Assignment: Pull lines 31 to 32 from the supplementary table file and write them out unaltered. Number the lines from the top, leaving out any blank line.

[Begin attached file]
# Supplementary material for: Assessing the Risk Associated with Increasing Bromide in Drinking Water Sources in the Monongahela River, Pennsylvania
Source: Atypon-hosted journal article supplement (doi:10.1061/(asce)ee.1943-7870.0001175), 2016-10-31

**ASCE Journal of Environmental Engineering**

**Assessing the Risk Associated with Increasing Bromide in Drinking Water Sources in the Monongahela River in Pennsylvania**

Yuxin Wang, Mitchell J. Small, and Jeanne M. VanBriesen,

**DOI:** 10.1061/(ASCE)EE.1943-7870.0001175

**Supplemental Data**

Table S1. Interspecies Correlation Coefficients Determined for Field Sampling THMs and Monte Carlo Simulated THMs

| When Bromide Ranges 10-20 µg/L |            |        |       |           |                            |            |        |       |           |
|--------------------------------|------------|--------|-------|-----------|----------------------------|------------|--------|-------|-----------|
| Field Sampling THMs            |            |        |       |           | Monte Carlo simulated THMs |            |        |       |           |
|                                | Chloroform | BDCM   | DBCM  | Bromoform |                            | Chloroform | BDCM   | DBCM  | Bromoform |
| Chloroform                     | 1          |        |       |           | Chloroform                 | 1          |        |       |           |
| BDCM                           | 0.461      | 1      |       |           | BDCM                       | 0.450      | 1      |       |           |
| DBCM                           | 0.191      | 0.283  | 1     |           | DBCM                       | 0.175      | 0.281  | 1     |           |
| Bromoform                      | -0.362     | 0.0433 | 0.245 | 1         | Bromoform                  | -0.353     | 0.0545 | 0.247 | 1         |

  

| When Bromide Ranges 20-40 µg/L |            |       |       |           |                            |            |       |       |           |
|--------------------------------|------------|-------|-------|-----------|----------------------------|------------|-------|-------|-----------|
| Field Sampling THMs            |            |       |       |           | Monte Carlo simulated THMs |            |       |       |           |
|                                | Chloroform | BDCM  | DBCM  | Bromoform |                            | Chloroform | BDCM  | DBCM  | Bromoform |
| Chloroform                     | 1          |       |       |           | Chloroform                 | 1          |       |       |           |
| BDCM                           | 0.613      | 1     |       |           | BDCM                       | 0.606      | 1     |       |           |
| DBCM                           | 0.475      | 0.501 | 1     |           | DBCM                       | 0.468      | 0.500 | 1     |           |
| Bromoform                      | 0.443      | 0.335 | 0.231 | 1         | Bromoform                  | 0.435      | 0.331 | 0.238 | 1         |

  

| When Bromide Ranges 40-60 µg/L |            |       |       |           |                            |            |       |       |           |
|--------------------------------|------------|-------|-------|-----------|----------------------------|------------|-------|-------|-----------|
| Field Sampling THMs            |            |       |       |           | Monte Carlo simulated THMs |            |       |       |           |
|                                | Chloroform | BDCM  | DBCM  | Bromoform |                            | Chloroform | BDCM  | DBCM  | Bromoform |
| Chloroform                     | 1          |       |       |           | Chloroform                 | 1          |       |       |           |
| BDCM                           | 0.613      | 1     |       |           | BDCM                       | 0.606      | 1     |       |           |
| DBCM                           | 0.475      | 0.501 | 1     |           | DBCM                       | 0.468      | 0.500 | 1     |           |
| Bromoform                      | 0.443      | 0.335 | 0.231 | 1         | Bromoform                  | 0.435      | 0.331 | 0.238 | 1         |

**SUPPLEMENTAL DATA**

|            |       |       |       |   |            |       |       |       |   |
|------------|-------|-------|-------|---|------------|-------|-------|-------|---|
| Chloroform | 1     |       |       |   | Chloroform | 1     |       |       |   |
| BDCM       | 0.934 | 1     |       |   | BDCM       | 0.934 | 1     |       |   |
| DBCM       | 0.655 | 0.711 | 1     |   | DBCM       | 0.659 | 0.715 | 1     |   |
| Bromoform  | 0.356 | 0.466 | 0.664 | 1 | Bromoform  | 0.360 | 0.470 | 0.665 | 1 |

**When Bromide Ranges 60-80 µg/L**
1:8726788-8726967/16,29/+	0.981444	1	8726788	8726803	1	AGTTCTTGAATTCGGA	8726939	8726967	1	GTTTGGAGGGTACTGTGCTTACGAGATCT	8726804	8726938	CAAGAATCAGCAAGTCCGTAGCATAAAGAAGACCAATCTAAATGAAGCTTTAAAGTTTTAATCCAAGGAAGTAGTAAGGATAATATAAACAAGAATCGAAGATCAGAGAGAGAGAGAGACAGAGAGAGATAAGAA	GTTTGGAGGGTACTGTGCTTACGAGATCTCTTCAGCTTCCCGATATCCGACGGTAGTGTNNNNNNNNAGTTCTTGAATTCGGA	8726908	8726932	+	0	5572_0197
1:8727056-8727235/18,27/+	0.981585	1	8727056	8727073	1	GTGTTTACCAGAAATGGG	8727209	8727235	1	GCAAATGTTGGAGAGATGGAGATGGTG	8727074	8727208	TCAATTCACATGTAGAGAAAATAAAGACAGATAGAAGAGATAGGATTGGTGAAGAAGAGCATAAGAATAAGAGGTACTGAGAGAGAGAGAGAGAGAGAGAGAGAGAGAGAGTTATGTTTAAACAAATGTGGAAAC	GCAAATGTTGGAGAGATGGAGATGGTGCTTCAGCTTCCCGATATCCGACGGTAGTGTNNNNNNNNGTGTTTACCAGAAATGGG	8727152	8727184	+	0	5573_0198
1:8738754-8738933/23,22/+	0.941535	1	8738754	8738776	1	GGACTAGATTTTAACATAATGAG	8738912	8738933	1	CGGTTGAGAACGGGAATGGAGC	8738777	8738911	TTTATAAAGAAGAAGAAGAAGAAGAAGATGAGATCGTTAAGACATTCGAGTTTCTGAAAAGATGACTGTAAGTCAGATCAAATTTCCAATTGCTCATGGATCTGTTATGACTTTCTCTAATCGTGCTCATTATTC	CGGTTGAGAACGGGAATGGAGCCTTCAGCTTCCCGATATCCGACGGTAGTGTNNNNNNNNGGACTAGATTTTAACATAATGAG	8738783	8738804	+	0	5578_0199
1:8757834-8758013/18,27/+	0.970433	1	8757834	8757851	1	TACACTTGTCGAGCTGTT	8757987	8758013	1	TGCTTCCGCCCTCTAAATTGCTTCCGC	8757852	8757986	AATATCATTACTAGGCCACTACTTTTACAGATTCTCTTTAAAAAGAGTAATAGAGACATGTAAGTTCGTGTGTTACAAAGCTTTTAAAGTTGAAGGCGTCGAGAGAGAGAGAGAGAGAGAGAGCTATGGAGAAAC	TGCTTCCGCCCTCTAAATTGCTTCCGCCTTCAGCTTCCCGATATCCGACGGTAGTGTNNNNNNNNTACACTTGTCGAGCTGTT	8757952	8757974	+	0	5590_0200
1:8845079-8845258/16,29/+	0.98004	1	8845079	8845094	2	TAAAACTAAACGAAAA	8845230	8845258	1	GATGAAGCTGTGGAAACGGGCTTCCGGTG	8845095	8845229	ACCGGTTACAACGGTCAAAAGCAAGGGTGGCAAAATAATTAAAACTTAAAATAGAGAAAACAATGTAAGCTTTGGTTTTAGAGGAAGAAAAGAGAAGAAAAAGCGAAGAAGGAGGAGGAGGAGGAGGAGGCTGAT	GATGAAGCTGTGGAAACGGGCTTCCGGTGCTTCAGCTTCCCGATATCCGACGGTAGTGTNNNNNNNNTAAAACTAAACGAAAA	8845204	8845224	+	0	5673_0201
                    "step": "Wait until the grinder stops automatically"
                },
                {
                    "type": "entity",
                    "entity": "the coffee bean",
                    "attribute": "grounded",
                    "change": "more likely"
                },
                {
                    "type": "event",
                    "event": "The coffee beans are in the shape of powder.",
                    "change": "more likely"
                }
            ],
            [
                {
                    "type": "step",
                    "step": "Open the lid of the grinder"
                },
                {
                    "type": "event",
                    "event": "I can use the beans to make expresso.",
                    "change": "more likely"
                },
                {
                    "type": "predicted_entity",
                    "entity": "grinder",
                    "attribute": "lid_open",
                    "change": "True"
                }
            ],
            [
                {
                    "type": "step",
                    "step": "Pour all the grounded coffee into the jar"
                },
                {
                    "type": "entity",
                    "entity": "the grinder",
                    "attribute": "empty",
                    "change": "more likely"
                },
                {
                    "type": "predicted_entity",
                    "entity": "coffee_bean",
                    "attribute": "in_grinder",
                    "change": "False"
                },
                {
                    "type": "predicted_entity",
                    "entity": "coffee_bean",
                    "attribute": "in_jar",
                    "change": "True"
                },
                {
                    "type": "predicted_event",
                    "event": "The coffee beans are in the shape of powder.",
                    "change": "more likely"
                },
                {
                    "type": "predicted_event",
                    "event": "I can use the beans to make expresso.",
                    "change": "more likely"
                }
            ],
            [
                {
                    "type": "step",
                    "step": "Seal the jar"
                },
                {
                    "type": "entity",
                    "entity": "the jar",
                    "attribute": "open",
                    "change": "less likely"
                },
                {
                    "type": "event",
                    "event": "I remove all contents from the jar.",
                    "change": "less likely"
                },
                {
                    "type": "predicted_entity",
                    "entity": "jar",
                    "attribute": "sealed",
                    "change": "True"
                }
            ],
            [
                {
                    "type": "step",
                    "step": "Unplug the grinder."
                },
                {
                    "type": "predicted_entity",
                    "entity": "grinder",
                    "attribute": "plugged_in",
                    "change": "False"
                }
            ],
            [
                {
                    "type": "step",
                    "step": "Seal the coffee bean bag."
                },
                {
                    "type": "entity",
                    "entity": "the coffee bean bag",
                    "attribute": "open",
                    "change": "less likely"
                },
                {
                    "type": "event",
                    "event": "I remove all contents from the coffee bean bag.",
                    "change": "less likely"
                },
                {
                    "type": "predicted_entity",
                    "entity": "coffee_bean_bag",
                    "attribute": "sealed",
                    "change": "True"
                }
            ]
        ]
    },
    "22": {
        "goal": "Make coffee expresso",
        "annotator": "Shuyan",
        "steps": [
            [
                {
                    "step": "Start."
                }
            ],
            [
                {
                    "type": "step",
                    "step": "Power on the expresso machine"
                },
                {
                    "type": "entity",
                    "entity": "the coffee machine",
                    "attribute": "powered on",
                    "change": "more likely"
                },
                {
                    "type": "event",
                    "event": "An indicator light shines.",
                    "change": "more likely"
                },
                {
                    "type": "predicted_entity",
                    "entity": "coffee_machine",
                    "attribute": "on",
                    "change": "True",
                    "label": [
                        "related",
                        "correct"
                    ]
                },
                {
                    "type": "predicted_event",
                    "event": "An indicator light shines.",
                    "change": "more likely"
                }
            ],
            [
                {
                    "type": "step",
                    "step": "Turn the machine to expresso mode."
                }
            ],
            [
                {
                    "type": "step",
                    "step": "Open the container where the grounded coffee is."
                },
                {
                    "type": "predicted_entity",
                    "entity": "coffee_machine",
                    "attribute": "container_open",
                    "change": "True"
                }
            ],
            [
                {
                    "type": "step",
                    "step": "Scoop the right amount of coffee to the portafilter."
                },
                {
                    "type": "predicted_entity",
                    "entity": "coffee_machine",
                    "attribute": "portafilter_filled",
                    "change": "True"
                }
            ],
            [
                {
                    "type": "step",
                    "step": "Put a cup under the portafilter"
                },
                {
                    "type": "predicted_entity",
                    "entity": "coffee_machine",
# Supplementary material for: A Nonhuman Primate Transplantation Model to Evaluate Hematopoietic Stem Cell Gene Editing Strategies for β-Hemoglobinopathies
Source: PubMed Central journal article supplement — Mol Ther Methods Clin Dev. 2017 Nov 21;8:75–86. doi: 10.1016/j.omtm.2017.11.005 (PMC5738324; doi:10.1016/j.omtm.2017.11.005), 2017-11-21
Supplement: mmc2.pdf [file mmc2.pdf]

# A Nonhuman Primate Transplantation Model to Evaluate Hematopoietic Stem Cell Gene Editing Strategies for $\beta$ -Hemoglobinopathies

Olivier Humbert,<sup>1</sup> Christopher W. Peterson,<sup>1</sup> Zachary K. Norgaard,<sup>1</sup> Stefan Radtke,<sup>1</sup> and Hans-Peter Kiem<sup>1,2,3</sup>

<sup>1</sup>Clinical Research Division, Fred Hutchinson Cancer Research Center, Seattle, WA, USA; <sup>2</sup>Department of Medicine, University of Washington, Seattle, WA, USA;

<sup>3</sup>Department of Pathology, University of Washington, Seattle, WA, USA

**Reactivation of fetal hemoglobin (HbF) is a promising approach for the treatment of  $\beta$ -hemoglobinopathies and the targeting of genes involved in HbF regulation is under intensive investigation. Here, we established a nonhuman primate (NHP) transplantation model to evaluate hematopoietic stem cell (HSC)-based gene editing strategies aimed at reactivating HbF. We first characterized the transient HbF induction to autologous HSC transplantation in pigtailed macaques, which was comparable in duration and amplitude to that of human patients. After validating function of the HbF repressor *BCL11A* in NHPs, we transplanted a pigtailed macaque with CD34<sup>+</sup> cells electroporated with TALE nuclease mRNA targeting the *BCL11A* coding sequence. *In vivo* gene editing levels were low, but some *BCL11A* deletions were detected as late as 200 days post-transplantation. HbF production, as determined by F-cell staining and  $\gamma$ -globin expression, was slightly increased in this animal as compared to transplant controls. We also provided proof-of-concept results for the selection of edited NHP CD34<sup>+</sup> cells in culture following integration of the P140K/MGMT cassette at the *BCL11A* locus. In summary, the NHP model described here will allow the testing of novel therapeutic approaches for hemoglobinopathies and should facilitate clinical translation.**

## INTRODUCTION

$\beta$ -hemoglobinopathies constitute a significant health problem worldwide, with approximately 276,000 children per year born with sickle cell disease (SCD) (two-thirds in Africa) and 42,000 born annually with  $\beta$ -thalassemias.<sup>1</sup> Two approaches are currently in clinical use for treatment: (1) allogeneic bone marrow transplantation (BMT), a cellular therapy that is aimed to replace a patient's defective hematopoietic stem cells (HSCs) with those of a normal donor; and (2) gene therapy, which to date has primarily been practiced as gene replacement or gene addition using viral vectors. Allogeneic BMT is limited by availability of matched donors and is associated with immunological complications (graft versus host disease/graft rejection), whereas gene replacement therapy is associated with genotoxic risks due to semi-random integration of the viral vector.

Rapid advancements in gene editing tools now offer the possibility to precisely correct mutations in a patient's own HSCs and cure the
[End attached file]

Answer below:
| DBCM                           | 0.475      | 0.501 | 1     |           | DBCM                       | 0.468      | 0.500 | 1     |           |
| Bromoform                      | 0.443      | 0.335 | 0.231 | 1         | Bromoform                  | 0.435      | 0.331 | 0.238 | 1         |